Posted Monday December 12th, 2016, 9:26 pm by Dr Monica Seeley
- Is it time to ditch the concept of Inbox Zero? Does reaching inbox zero equate with being productive. Yes we at Mesmo Consultancy are great believers in keeping your inbox as your work in hand and hence having a clean inbox. However it maybe that Inbox Zero is an out-dated and meaningless goal. Read on.
- Beware Word docs bearing instructions. Perhaps the cleverest piece of cyber crime yet. The hackers call to say they cannot use your on-line booking/ordering system. Can they send a file and can you check it opens! Read on.
- How to write an email with Military precision. Some very interesting tips on business email etiquette. What makes a good email and how to grab the readers attention without being arrogant. For example the Bluf approach – Bottom Line Up Front. Read on.
- Twenty email blunders to avoid. In keeping with the business email etiquette theme, an amusing article from a PR perspective, but they actually apply to us all. The top twenty blunders any one of which will mean your email may go unread as you annoy the recipient. Read on.
- The ultimate mobile email stats overview. 55% of emails are now read on mobile devices. This is one for IT and Marketing Directors looking ahead to 2017 and beyond. Read on.
Posted Tuesday November 22nd, 2016, 8:56 pm by Dr Monica Seeley
Messy – How To Be Creative and Resilient in A Tidy-Minded World by Tim Harford
Do you prefer to tidy up your desk and sharpen the pencils before working or go to it no matter how messy the surroundings might be? We all have our preferences and in the open plan office it can present problems if you are surrounded by someone whose preference is diametrically opposed to yours.
But does our personal preference mean we are any more or less productive and creative than the other person? In his new book Messy Tim Harford (better known to some as The Under Cover Economist) looks at the pros and cons of working in a disorderly environment. He includes many case histories of how being disorganised and responding on the hoof can improve not only creativity but also customer’s experiences. Examples are drawn from the war, mathematics, music, business, sports and the whole office working environment.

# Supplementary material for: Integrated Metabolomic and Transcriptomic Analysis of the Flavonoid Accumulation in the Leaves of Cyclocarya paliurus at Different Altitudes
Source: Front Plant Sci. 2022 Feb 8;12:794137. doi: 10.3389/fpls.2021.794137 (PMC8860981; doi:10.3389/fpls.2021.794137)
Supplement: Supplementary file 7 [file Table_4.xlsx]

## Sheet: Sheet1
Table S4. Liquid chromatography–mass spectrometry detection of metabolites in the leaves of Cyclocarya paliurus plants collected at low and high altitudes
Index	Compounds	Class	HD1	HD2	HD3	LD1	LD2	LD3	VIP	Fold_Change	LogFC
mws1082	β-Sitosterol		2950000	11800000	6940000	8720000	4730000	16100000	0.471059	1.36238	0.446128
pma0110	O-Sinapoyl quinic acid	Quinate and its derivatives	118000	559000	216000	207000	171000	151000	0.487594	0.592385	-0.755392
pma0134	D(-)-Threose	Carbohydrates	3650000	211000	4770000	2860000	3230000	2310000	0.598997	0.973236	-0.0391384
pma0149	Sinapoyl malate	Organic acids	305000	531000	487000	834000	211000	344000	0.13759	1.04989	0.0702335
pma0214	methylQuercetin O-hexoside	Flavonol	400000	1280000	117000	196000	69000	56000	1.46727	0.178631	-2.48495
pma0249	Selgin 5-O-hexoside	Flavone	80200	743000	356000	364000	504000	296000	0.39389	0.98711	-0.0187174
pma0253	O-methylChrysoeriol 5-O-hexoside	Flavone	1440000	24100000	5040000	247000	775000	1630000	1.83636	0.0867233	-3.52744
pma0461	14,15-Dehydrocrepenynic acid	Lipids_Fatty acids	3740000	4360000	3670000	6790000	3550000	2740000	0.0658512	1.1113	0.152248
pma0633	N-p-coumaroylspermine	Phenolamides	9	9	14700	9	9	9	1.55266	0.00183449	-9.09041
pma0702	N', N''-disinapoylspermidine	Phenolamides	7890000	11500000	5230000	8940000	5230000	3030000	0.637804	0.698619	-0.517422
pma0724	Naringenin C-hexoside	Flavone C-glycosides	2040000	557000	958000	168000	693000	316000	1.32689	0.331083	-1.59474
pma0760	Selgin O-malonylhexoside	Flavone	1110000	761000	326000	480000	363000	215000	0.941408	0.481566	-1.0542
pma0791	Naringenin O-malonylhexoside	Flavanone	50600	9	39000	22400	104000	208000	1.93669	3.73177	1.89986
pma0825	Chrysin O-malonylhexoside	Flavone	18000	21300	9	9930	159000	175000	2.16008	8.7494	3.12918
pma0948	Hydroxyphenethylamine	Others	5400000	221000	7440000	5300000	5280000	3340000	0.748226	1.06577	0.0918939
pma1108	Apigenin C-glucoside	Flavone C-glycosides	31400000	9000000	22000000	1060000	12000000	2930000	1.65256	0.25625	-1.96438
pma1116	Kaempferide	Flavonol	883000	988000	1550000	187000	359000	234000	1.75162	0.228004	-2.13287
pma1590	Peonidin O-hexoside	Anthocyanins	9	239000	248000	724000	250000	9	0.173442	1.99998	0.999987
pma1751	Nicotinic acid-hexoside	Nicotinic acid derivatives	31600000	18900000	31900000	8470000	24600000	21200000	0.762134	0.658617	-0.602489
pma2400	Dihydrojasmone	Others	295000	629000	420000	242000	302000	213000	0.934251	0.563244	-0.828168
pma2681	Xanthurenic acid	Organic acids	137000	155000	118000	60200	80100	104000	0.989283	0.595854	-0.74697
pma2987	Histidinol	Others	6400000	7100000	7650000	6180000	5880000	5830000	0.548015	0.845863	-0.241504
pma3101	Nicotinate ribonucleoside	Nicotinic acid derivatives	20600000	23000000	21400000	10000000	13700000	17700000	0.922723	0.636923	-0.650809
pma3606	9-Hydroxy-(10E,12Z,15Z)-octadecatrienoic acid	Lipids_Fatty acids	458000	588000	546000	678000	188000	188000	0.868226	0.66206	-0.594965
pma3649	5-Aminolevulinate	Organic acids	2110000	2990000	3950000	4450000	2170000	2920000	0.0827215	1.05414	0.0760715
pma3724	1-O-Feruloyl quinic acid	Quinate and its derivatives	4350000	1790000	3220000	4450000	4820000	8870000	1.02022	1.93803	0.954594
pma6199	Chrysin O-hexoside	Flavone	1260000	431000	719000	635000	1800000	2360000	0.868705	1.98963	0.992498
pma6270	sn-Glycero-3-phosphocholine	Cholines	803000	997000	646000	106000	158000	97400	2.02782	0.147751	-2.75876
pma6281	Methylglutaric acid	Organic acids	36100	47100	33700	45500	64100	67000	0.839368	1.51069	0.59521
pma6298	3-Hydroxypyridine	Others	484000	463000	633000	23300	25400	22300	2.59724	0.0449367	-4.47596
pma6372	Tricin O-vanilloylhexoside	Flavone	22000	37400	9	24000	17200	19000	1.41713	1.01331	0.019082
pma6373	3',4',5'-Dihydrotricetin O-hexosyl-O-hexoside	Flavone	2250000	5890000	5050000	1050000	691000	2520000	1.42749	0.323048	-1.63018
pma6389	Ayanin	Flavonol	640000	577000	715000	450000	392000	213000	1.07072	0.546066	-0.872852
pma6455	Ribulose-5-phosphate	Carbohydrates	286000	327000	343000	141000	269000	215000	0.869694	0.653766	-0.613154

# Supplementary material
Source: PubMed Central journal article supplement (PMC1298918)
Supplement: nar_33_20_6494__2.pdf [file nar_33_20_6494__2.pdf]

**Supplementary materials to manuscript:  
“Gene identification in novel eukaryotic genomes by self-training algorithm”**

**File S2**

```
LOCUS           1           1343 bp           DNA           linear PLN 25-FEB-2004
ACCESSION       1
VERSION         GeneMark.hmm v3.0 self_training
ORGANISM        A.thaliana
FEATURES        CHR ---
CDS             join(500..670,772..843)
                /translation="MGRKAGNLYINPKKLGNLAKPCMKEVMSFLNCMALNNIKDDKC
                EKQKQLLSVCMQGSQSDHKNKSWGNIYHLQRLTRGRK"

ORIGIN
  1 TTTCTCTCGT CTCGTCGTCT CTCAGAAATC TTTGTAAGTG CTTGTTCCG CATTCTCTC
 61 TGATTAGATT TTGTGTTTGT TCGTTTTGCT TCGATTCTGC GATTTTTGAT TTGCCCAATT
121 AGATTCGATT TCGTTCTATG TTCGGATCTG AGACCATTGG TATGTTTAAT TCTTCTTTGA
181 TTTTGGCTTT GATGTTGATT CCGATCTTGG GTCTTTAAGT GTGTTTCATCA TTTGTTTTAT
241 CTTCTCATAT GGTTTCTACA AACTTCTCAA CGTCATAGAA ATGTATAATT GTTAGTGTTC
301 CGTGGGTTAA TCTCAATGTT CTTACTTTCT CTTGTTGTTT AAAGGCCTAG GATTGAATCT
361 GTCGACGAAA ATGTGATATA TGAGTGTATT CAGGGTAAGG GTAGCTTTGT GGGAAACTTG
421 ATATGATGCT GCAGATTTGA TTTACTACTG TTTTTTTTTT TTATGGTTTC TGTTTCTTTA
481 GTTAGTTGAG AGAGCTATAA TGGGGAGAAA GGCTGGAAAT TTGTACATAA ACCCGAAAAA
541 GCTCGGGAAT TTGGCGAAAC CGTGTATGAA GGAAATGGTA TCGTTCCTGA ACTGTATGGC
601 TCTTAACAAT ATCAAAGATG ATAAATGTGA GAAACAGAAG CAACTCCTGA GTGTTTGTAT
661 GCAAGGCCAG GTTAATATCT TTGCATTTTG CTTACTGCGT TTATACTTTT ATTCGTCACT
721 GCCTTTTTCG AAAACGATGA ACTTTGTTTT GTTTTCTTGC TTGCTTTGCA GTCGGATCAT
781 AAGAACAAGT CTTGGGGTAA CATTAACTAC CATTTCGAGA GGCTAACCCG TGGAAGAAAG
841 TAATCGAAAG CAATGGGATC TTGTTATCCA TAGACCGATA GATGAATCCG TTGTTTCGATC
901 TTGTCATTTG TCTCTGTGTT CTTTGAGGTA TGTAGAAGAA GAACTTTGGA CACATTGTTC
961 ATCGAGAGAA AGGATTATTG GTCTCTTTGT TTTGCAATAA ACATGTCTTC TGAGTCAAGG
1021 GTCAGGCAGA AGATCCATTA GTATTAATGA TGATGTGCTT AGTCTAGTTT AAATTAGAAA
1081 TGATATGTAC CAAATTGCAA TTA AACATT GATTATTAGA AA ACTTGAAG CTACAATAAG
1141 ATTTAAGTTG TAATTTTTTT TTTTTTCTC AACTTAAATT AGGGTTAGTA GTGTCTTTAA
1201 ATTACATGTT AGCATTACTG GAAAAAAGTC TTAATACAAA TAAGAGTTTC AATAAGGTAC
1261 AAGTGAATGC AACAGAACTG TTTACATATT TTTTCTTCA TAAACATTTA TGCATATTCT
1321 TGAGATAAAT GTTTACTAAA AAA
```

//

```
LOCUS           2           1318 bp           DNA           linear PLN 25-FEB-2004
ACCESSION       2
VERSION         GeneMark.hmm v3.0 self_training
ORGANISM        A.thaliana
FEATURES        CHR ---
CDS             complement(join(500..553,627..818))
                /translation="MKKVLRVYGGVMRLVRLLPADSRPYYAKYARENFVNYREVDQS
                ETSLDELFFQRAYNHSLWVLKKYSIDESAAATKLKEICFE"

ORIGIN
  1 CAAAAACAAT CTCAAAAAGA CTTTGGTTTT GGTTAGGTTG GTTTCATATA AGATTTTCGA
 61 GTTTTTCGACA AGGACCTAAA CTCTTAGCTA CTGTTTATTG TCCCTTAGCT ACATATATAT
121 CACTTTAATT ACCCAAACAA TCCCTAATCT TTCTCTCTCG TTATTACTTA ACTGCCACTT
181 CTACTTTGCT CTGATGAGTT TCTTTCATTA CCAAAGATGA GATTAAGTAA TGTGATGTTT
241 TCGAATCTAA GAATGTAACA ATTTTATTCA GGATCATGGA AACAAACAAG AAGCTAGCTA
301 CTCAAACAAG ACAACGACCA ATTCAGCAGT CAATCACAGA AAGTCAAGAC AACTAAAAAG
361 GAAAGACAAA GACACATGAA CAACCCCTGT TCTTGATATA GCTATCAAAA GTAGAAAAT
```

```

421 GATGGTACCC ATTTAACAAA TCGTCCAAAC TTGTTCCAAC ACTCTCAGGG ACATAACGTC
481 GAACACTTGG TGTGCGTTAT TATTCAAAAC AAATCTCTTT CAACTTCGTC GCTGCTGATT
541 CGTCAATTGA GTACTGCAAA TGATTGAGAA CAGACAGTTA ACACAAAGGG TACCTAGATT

For those unfamiliar with the now legendary Chiat Day futuristic open plan office he gives a very good account of why it’s initial success was lost and the office returned to a more conventional open plan set up.
Hartford suggests that whilst operating outside a tidy mind and environment can be very challenging for those with a tidy mind disposition, it can also help them open up new opportunities and find solutions to problems which might never have otherwise been found.
Harford’s underlying premise is that too many rules whether they apply to too much mess or conversely order do not encourage productivity and creativity. As an intriguing example he cites how even targets in the public sector should be random depending on situations rather than preconceived.
From an email perspective Harford will use folders for active projects then archives them into one large folder once complete thus not getting bogged down with complex folder structures.
It’s an interesting and easy read but in some ways is little more than a narrative to support his arguments. If you are looking for some real practice advice this is not the book for you. As a different take on why some people and projects (be they products or services) succeed and others fail, you can pick out some fascinating nuggets.